Alberta university, college presidents' pay to face new limits

High salaries, bonuses and perks paid to some college and university presidents will be eliminated under a new compensation plan unveiled Tuesday by the Alberta government.

Bonuses and many perks are prohibited under new system

Finance Minister Joe Ceci (left) introduces a new pay grid for 20 Alberta post-secondary presidents, while Darrel Howell, chair of Lakeland College (centre) and Advanced Education MInister Marlin Schmidt look on. (CBC)

High salaries, bonuses and perks paid to some college and university presidents will be trimmed or eliminated under a new compensation plan unveiled Tuesday by the Alberta government.

Annual salaries paid to 20 of the province's post-secondary presidents will have to fall within five pay grids:

  • University of Alberta, University of Calgary: $349,800 (minimum) to $447,000 (maximum).
  • University of Lethbridge, NAIT, SAIT: $279,300 to $356,800.
  • Athabasca University, MacEwan University, Mount Royal University: $238,700 to $305,000.
  • Bow Valley College, Lethbridge College, NorQuest College, Red Deer College: $209,300 to $267,500.
  • Alberta College of Art and Design, Grande Prairie Regional College, Keyano College, Lakeland College, Medicine Hat College, Northern Lakes College, Olds College, Portage College: $184,000 to $235,100.

The new pay bands will take effect April 15 for new hires or contract renewals. Existing contracts will have to be in line with the new guidelines by April 14, 2020. 

Once the pay bands are fully in place, the government estimates annual savings of $4 million to $5 million. The advanced education ministry is projected to spend $6.1 billion in the 2018-19 fiscal year. 

"Institutions will be able to allocate the savings internally to benefit students and their campus," said Advanced Education Minister Marlin Schmidt.

Base salary isn't the only factor driving compensation for Alberta college presidents to the highest levels in Canada. The government is also cracking down on bonuses and perks.

The practice of paying bonuses will end, as will benefits such as free sports club memberships, signing bonuses and executive allowances.

Termination pay can be no more than four weeks of salary for each year of service, capped at a maximum of 52 weeks.

Pay decreases

Housing can only be provided if the university owns or rents the residence, and the president must pay rent at full market value.

The government is also prohibiting colleges and universities from providing executive or private health benefits.

Any vehicle provided to a president cannot cost more than $39,000.

The government is also putting limits on paid holidays, leave, parking and relocation expenses.

The changes mean college and university presidents will see their pay drop, though some will see a decrease of only about one per cent. The biggest cut will hit the president of Grande Prairie Regional College, whose salary will drop by 31 per cent.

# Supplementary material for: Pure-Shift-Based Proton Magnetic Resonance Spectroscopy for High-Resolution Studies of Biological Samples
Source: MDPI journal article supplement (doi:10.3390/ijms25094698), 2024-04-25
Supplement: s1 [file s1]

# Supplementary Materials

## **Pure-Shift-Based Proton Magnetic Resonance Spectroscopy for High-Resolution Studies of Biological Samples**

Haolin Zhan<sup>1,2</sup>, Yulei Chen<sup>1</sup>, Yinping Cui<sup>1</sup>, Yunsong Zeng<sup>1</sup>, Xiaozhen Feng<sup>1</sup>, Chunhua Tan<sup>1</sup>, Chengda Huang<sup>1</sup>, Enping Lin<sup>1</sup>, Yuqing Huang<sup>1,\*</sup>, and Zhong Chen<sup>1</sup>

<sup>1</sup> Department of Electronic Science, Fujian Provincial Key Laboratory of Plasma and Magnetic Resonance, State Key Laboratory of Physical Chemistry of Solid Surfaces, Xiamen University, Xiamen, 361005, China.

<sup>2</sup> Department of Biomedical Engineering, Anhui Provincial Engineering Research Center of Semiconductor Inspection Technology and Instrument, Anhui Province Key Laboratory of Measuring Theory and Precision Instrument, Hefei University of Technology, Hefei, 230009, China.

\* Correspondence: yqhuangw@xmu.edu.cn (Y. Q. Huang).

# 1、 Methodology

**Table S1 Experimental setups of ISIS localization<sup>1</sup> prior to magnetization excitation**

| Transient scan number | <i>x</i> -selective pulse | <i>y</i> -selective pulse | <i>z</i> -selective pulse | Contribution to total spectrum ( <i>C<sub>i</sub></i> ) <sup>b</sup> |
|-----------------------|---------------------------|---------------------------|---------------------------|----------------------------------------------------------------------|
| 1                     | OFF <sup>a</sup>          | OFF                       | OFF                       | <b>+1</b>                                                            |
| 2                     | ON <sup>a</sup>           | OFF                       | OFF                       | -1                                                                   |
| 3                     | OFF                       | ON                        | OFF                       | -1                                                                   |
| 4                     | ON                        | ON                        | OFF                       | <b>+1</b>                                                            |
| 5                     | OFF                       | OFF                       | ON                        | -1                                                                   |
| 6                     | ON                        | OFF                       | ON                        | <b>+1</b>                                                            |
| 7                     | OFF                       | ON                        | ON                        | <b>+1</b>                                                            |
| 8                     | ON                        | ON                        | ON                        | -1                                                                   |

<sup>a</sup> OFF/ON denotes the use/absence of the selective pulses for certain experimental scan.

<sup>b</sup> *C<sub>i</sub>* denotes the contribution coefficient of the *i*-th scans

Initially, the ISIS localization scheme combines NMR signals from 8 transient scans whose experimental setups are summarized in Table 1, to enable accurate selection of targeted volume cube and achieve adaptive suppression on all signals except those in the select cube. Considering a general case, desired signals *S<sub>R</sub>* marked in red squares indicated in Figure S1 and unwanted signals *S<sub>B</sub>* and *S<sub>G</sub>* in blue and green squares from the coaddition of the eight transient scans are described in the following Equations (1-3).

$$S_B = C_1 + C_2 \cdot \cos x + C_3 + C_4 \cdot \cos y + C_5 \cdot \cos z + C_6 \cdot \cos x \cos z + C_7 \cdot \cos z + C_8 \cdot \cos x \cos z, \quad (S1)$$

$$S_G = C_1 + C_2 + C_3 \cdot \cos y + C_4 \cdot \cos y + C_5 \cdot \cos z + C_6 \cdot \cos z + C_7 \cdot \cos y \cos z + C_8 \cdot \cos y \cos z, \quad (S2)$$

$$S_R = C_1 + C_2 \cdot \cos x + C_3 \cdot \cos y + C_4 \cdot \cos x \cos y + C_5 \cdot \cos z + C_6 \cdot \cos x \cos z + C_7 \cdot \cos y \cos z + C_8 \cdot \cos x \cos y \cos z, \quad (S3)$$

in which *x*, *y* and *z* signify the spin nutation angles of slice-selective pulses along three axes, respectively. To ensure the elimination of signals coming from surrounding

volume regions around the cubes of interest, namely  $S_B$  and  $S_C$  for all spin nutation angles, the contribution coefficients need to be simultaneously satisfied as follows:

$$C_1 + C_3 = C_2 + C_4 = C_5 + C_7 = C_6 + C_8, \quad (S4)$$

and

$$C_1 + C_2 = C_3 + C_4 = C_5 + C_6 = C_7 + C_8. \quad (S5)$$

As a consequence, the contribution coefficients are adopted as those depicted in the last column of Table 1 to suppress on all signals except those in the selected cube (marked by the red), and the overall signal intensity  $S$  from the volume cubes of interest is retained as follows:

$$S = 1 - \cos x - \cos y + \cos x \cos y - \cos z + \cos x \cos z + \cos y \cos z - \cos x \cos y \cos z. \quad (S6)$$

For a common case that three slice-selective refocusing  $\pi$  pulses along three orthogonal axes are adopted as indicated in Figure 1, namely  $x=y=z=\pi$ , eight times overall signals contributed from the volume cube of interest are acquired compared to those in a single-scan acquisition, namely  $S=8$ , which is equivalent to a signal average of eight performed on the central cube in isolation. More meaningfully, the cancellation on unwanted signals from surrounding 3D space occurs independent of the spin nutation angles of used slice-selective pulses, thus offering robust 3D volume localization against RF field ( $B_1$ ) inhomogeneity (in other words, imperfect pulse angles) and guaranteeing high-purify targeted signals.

The pay grids will not apply to six institutions that do not fall under the Alberta Public Agencies and Governance Act: Banff Centre, Concordia University of Edmonton, The King's University, St. Mary's University, Ambrose University and Burman University.

The new compensation system is a result of the government's review of salaries paid to executives at Alberta's agencies, boards and commissions that started in the fall of 2015.

Last month, Schmidt attacked David Turpin, president of the University of Alberta, for earning $824,000 in total compensation while the institution hiked fees for residence and meal plans and tuition for international students. 

Universities concerned

The people who chair the boards of Alberta's two largest universities expressed concern about how the pay grid would affect their efforts to recruit top talent. 

Michael Phair, chairman of the U of A's board of governors, is taking a wait-and-see attitude but said the university competes with institutions in Canada and the U.S. for suitable candidates, so a prohibition on offering a comparable salary could be a problem. 

"It makes it a little more difficult for the board to negotiate and to exercise its role in interviewing and hiring their president," Phair said. 

In 2016, University of Calgary president Elizabeth Cannon earned $631,042 in total compensation. Cannon announced she is stepping down this year and a search is underway for her replacement, whose pay will be subject to the government's new pay grid system.

Jill Wyatt, chair of the university's board of governors, called the new grid a "significant change in the terms and conditions of employment of university presidents."

"The president's compensation must reflect the duties of leading one of Canada's major research intensive universities, and the significant value and impact the president brings to our community, our province and our country," Wyatt said in a written statement. 

"The board is in the early stages of a global search to recruit an outstanding individual to become UCalgary's next president and vice-chancellor.  We will review the new compensation framework to determine how it impacts the terms and conditions for hiring the new president."

Mount Royal University's board of governors said in a statement it would comply with the government's new regulations. 

"At the same time, the board of governors must balance the need to attract qualified leadership in an increasingly competitive and global academic sector," said board chairwoman Sue Mallon.